Odds and Ends
These lovable long ears evolved in desert areas where they adapted to living off poor quality food. This survival trait worked well in a location with sparse food; however, donkeys living a life of leisure as a pet, can put them at risk of obesity related diseases.
Maple trees are very common in the eastern states. However beautiful they are in the fall, they pose a serious health risk to your horse when the leaves start to wilt and die. Red maples are the usual culprit, but there are is still a lot unknown about maple poisoning, so it’s best to consider all maples as a possible hazard.
As much as we love our horses, the simple truth is that they are large prey animals that can inadvertently injure us. Behavior that we are cautious of can be broken down into two categories: natural behavior and unnatural behavior (pretty simple huh!). Natural behavior would be flight response, aggression or anxiety. Unnatural behavior are stereotypes such as cribbing, wood chewing, or stall weaving.
When you get new hay or introduce a new feed, it’s a good idea to weigh it and ensure your horse is receiving the proper amount.
How is your horse's nutrition similar to his dressage training?
When you walk down the supplement aisle of your local feed store, a lot of products may catch your eye. With fancy labels and claims that are typically not backed by studies. We want the best for our horses and reach for supplements to provide a shiny coat, joint health, or a promise of a more "relaxed" horse. What is often overlooked is the vitamin and mineral supplements that are needed to balance out the largest part of your horse's diet, his forage.
A good analogy for your horse's nutrition is to think of the dressage training pyramid:
In dressage each level builds upon the previous. If a level is not mastered, proceeding to the next is impossible. Each level is interconnected. The same with your horse's diet. Creating a proper foundation is key. Then you build onto it as needed. Most owners will find that with the correct 1-3 levels, your horse may not need additional supplements such as hoof, calming, coat enhancers etc.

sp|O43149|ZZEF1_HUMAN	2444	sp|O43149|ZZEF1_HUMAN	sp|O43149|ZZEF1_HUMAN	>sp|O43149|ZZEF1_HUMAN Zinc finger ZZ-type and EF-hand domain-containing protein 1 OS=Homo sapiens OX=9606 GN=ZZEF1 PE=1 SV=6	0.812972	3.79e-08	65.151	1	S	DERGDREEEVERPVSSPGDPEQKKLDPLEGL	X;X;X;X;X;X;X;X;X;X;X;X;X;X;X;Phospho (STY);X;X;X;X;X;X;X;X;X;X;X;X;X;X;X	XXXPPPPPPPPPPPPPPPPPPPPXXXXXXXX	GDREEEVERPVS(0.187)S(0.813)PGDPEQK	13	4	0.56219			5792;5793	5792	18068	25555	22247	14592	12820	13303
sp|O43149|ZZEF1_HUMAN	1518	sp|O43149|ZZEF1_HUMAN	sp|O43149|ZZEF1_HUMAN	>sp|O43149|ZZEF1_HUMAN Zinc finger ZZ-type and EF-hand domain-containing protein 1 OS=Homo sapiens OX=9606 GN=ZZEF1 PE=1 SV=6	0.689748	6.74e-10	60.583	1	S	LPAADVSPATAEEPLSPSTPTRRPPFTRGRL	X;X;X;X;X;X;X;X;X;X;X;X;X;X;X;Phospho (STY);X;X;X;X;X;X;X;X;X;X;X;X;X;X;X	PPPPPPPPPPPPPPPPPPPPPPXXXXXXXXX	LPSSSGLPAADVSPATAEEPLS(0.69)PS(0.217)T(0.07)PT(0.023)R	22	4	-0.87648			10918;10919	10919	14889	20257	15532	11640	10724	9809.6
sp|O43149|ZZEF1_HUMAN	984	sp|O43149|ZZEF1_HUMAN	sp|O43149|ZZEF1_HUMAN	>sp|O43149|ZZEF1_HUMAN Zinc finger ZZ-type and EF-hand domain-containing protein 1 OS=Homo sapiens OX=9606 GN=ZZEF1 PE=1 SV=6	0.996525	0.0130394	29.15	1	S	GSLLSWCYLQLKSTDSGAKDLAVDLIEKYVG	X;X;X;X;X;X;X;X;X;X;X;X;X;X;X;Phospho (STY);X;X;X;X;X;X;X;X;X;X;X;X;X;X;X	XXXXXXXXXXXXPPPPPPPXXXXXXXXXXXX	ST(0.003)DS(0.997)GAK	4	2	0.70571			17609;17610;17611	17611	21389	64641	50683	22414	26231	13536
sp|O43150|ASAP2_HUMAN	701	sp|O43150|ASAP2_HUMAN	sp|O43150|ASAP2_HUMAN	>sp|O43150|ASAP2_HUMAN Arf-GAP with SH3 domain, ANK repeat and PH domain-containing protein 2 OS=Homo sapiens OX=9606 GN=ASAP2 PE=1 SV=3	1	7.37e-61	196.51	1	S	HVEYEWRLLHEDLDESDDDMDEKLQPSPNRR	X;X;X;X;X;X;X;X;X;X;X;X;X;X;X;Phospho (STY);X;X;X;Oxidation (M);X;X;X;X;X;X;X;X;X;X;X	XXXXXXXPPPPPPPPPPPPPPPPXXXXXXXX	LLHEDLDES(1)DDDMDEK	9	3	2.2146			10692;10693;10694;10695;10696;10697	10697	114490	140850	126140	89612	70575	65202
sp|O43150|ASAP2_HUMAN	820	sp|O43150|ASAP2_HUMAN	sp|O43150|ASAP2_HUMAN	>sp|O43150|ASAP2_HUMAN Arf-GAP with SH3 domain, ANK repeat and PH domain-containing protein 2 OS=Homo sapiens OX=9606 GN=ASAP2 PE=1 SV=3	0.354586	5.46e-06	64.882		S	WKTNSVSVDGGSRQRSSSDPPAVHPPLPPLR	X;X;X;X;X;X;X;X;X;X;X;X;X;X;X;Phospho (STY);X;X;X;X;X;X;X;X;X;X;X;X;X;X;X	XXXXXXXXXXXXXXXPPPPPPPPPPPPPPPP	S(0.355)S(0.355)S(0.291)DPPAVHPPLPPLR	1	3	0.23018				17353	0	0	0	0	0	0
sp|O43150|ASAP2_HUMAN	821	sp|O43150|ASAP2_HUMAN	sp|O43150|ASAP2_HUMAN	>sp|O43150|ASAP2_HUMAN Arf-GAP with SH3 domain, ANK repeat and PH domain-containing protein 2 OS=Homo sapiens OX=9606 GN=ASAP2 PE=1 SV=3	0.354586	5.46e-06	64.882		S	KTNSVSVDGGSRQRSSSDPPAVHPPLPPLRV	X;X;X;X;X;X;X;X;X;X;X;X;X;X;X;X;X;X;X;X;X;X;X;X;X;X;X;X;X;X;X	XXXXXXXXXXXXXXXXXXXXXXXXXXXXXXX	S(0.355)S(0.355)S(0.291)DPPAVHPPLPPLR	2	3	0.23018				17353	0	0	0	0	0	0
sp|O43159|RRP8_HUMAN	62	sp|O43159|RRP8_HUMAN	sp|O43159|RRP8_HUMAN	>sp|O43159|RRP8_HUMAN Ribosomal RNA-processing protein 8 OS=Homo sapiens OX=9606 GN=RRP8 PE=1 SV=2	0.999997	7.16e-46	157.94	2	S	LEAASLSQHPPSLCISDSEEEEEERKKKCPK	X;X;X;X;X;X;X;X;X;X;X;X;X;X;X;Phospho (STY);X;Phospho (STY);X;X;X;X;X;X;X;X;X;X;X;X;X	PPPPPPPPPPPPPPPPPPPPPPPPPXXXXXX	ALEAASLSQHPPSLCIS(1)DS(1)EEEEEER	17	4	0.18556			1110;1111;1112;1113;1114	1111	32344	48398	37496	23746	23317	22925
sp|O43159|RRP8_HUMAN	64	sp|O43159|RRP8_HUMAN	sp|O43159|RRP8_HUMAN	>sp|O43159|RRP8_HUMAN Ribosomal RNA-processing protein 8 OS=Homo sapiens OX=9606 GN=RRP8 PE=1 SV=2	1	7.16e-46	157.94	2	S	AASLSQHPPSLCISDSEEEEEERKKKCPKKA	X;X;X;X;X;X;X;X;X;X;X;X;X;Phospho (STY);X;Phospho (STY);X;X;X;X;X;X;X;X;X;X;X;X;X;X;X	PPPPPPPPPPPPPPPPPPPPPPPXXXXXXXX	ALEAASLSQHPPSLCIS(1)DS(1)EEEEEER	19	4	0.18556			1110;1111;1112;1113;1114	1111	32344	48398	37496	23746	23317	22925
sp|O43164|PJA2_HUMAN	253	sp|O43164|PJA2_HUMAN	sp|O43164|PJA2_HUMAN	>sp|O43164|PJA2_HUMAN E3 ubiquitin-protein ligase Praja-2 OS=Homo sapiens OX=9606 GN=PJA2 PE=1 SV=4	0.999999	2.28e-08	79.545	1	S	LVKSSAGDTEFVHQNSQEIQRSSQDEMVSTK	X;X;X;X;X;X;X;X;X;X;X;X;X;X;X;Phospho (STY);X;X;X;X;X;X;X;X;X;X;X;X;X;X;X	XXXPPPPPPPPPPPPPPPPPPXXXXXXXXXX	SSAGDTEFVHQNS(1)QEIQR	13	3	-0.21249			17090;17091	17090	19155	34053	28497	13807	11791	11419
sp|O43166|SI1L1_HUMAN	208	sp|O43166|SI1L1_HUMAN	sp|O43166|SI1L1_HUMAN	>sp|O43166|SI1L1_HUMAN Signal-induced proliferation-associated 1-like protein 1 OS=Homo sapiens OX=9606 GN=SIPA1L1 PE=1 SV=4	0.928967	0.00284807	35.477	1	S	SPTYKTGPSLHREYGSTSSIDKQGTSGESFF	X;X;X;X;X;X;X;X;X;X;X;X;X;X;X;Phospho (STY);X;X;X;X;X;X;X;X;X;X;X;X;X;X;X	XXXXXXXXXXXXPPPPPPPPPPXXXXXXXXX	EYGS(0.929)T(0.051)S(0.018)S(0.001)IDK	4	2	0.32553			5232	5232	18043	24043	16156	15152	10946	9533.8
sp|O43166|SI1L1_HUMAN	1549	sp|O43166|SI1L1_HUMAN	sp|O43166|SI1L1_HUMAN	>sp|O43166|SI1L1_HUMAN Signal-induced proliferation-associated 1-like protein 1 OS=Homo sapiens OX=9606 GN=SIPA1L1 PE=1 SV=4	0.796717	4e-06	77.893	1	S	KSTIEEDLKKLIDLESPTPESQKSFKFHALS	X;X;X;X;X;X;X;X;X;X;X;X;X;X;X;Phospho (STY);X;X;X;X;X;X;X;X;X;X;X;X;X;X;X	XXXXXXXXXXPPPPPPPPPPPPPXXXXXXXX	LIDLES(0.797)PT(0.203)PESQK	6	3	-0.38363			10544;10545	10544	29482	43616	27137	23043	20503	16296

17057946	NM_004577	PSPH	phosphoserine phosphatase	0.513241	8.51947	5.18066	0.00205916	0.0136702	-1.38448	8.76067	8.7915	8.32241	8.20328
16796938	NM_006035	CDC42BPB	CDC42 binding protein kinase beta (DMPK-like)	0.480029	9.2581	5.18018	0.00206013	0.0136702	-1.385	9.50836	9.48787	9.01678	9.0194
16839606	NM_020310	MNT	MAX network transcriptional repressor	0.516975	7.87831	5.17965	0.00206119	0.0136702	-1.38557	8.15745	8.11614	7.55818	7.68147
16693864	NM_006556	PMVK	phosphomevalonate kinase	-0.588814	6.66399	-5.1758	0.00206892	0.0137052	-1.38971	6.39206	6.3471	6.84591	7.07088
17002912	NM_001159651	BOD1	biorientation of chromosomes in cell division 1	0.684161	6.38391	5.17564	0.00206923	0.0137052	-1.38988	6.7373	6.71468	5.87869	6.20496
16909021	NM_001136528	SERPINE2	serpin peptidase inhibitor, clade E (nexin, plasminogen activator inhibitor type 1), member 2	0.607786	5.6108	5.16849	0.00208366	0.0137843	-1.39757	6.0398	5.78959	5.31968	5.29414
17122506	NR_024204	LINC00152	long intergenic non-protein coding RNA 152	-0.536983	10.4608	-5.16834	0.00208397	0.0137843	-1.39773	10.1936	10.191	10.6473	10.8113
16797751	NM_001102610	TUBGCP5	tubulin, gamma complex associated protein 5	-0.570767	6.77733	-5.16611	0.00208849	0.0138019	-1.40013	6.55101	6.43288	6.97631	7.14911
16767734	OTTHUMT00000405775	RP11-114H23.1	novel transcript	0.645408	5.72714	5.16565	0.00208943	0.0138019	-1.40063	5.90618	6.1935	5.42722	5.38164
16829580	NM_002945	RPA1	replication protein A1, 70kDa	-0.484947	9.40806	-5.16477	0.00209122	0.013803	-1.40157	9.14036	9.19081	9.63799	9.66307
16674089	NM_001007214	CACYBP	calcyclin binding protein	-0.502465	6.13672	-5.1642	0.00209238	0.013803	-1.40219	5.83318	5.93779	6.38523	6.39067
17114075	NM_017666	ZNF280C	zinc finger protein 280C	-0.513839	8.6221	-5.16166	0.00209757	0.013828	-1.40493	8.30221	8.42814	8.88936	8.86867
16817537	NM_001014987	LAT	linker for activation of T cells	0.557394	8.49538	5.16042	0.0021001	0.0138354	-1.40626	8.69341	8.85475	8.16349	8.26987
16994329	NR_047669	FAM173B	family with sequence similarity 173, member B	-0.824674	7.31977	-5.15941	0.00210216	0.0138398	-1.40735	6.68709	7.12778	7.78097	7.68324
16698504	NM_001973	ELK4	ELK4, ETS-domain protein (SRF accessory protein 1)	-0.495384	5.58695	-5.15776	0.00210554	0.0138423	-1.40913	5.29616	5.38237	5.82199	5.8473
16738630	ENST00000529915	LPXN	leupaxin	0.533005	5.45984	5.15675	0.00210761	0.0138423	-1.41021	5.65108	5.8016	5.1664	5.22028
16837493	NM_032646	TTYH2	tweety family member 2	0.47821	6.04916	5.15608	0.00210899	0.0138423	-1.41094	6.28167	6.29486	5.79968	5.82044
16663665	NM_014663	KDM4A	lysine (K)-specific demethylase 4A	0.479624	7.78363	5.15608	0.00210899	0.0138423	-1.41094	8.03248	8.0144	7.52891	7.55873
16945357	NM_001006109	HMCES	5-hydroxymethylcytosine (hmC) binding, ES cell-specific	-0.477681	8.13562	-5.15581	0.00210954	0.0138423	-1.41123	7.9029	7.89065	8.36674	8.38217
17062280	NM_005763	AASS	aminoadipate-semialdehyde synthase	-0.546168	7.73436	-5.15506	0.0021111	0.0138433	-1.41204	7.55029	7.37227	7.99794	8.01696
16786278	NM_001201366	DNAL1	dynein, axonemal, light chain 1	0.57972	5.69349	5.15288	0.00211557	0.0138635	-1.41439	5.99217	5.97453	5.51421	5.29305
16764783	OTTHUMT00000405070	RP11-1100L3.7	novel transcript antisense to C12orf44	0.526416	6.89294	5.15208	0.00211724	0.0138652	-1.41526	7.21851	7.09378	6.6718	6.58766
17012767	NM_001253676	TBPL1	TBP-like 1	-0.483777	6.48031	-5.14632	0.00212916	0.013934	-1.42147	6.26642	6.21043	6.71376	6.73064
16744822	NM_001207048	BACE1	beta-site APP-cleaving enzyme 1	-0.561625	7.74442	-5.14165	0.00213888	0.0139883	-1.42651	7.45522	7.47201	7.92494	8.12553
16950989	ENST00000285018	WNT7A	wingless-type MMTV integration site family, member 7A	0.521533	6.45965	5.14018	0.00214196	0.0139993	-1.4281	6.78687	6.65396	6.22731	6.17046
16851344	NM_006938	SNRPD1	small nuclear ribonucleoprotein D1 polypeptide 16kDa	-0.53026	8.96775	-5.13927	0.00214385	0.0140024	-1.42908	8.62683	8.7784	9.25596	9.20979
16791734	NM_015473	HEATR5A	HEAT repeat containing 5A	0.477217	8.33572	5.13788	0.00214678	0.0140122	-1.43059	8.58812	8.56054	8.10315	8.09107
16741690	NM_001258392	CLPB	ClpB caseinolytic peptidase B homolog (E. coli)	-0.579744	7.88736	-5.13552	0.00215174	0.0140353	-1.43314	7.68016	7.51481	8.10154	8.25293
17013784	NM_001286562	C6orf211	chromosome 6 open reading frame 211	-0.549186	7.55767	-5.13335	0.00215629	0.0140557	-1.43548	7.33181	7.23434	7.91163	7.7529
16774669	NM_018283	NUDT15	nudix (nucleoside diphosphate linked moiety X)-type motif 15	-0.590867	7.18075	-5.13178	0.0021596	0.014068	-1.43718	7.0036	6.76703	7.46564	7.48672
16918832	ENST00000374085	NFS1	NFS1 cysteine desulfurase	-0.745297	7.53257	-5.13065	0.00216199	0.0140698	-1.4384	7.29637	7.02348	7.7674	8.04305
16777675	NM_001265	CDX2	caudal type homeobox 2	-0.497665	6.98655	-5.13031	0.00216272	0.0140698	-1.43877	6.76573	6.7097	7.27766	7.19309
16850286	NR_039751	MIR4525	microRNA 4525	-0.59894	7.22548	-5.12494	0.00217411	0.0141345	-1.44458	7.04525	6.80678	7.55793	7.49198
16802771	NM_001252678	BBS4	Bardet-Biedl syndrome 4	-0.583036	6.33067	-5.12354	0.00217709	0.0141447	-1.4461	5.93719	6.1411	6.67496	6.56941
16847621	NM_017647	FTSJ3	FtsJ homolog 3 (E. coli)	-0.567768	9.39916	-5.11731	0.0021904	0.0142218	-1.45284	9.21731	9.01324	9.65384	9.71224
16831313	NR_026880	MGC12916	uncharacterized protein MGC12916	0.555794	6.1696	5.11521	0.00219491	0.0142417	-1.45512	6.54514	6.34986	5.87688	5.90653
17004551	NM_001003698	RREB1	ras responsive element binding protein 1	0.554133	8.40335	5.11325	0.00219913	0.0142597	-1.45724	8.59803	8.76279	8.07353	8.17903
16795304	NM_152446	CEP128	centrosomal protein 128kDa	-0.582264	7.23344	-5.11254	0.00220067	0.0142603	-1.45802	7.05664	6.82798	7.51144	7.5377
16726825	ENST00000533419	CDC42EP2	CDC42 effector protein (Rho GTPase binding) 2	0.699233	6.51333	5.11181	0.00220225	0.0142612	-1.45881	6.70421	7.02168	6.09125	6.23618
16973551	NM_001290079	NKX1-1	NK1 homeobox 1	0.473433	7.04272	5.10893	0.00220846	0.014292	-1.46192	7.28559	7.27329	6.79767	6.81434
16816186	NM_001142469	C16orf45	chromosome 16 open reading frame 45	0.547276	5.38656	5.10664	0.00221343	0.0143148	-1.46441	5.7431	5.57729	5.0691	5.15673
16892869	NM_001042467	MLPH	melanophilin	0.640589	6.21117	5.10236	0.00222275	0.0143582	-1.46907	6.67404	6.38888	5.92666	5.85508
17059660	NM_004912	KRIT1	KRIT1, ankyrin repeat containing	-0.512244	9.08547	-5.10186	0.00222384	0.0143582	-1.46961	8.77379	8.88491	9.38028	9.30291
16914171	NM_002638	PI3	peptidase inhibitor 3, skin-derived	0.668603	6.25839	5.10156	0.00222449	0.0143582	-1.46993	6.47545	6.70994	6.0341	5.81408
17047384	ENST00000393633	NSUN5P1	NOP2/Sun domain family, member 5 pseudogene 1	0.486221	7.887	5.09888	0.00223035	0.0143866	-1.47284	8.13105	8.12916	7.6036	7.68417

Here is your horse's Supplement Pyramid:
Forage is the foundation of your nutrition pyramid, like rhythm is your foundation for dressage. In order to master this level and proceed to the next, you must know what is in your forage. The only way to do that is to have it tested. Aimed with this knowledge you can proceed to the next level; vitamins and minerals.
Vitamins and Minerals are needed to balance what is lacking in your forage, or nutrients that are in excess causing secondary deficiencies. The next level in dressage is Relaxation. Which is ironic as one of the most common feedback I receive from clients after their hoses is on a balanced diet, is that their horse is more relaxed. The majority of horses will not need a hoof supplement once their trace minerals are balanced.
These two levels of nutrition may be all that some horses need. If necessary, the next step is to provide immune and digestive support. Supporting your horse's immune system will reduces stress, protects against disease, reduces allergic reactions, and may negate the need for supplements for heaves, allergies, etc.
With a balanced diet, strong immune system, and healthy digestive tract, there are only special situations left where additional supplements are needed. For example, joint health, electrolytes, etc.
Following this Supplement Pyramid will not only help your horse, it will help your wallet.
This is Onyx. He is a Percheron / QH cross who was purchased in the middle of the winter. When his owner bought him, he was black. As he shed out that first summer, he faded to a bay. He had dry brittle hooves and low stamina.
An analysis of Onyx's forage revealed what is typically seen in Vermont hay, low magnesium, zinc and copper, and high iron. Onyx was started on a balanced diet to correct these deficiencies. He no longer faded in the summer, staying a true black. and his stamina and hoof quality improved.